This article was updated on Nov. 12, 2014.
When it comes to investing, going with the crowd will rarely -- if ever -- make you rich. If your objective is to buy low and sell high, then, in the words of Warren Buffett, you must be "greedy when others are fearful and fearful when others are greedy." This is the foundation of contrarian investing.
But there's a twist. To be a contrarian investor, you must first know what to be contrary to. And this is where the SEC's invaluable EDGAR database comes in. Every quarter, companies and large institutional investors are required to disclose their equity holdings. By patching these together, we can get a fuller picture of a particular stock's popularity.
What follows, in turn, is a look at the principal owners of Wells Fargo's (NYSE:WFC) outstanding common stock.
A broad overview
As you can see in the following chart, the majority of Wells Fargo's 5.2 billion shares are held by institutional investors. Company insiders, including board members and corporate executives, own a further 0.07% of the outstanding common stock. And the public at large owns the remaining 20%.
Digging in a big further, the largest institutional stakeholder in Wells Fargo is Warren Buffett's Berkshire Hathaway (NYSE:BRK-A) (NYSE:BRK-B), which owns 9.45% of the bank. Finishing off the five biggest institutional investors are asset managers: Bond giant BlackRock (NYSE:BLK) has an 5.6% stake, followed by The Vanguard Group, the asset management arm of State Street (NYSE:STT), and Capital Research & Management.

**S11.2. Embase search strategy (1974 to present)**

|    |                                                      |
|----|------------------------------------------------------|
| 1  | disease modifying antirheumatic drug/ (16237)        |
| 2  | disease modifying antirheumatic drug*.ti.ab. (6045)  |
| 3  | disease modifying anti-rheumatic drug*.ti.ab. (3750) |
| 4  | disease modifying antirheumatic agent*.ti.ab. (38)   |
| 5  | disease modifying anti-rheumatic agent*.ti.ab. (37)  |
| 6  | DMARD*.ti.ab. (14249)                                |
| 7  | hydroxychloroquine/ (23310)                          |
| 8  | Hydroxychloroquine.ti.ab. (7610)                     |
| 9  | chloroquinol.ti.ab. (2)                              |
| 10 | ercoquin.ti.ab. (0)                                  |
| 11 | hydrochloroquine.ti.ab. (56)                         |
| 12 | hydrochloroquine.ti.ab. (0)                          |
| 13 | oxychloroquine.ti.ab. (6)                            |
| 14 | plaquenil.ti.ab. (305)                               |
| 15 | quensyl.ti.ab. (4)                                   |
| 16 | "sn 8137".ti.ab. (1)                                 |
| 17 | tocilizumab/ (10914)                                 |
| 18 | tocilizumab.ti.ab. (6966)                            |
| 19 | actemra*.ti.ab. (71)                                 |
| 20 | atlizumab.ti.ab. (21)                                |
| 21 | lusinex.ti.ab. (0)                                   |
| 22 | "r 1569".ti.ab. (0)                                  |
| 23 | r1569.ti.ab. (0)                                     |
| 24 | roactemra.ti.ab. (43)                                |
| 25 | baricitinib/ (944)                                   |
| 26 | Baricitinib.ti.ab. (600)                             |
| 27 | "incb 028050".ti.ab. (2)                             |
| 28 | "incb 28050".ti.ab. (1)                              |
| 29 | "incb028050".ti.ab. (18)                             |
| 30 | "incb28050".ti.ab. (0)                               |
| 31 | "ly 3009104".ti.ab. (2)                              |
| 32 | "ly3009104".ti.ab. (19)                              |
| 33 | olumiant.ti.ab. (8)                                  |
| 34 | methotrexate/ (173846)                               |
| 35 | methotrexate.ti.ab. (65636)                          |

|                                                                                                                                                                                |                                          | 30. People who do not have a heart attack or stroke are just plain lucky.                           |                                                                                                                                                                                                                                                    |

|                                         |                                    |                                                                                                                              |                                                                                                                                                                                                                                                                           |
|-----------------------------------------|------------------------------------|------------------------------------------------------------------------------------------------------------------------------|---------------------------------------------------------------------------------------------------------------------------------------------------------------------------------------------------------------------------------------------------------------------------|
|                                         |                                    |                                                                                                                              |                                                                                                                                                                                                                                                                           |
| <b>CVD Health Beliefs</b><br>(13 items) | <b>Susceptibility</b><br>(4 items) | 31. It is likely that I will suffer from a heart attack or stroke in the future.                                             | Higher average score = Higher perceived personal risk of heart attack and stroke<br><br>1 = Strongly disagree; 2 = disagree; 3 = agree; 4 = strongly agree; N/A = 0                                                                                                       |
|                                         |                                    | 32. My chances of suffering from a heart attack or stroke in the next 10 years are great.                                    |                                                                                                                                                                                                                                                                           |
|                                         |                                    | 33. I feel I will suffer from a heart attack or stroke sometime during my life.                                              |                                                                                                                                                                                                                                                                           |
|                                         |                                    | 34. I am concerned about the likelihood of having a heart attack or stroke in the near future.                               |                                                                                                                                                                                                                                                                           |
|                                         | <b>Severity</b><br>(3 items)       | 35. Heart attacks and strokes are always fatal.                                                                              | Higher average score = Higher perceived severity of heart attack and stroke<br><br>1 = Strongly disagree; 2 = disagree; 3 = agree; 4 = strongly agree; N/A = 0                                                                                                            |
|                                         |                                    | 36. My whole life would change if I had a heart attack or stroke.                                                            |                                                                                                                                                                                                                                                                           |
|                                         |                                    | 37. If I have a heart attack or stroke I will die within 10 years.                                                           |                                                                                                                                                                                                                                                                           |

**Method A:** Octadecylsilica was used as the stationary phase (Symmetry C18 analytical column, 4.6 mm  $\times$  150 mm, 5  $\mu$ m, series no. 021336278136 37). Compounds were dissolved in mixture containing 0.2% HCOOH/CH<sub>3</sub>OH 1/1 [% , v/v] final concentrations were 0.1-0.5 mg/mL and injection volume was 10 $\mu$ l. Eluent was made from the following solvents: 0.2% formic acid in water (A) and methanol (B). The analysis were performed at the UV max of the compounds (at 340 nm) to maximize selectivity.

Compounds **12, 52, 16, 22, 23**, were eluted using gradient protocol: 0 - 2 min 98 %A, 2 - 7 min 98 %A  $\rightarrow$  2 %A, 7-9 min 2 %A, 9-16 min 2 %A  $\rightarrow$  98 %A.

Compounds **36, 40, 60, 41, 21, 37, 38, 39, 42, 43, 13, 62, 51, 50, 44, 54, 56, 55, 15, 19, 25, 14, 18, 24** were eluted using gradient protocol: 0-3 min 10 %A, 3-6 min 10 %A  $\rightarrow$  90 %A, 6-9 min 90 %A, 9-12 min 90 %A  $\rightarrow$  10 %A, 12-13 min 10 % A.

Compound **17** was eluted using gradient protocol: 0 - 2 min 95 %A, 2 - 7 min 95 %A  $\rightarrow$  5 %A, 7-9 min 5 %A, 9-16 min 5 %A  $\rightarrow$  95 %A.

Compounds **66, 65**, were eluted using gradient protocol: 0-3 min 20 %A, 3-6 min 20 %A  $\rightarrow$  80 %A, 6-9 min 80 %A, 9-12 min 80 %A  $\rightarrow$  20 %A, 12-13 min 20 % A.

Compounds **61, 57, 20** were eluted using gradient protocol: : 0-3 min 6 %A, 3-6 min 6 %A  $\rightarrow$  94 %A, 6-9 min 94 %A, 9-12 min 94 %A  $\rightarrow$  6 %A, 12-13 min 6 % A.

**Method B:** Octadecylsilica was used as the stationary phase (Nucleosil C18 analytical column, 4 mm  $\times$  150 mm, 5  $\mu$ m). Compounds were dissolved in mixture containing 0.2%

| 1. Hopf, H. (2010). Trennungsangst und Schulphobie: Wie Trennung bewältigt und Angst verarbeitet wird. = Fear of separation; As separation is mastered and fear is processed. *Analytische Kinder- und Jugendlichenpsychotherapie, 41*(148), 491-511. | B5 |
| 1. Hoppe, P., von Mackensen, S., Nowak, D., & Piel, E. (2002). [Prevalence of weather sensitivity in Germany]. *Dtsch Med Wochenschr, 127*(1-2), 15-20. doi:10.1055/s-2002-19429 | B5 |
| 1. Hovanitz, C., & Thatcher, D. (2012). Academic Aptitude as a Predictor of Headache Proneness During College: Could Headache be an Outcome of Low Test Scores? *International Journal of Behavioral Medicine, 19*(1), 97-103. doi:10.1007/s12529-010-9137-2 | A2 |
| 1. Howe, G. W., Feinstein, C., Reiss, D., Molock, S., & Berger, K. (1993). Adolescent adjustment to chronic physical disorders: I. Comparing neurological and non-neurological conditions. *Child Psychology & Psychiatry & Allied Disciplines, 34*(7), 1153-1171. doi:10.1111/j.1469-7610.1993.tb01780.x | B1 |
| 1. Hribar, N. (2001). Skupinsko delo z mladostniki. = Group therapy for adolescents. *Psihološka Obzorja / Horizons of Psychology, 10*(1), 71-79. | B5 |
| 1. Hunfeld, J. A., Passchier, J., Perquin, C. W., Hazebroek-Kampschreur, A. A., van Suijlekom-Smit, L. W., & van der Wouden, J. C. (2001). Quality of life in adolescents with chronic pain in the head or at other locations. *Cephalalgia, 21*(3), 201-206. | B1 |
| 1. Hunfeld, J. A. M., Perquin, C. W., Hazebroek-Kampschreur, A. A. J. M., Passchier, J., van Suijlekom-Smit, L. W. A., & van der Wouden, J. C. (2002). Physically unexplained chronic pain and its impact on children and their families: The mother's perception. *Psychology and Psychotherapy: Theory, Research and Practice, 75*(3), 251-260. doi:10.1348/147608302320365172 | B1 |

The largest buyers have been JPMorgan Asset Management Holdings and AllianceBernstein, which have recently acquired 6.9 million and 6.8 million shares of common stock, respectively. Meanwhile, the two largest sellers of late have been Wellington Management Co. and Lansdowne Partners, which have disposed of 8.3 million and 6.9 million shares, respectively.
Biggest inside investors
Turning to individual investors, the largest inside owner is John Stumpf, the bank's current chairman and chief executive officer. The second largest is David Hoyt, the former senior executive vice president of wholesale banking. And the third largest insider is Carrie Tolstedt, the senior executive vice president of community banking.
The Foolish bottom line
While insider and institutional ownership together represent only one metric, it's nevertheless an important one. Beyond hinting at the overall market's sentiment toward a stock, it also gives investors insight into the confidence of the people best positioned to predict a company's current state and future success.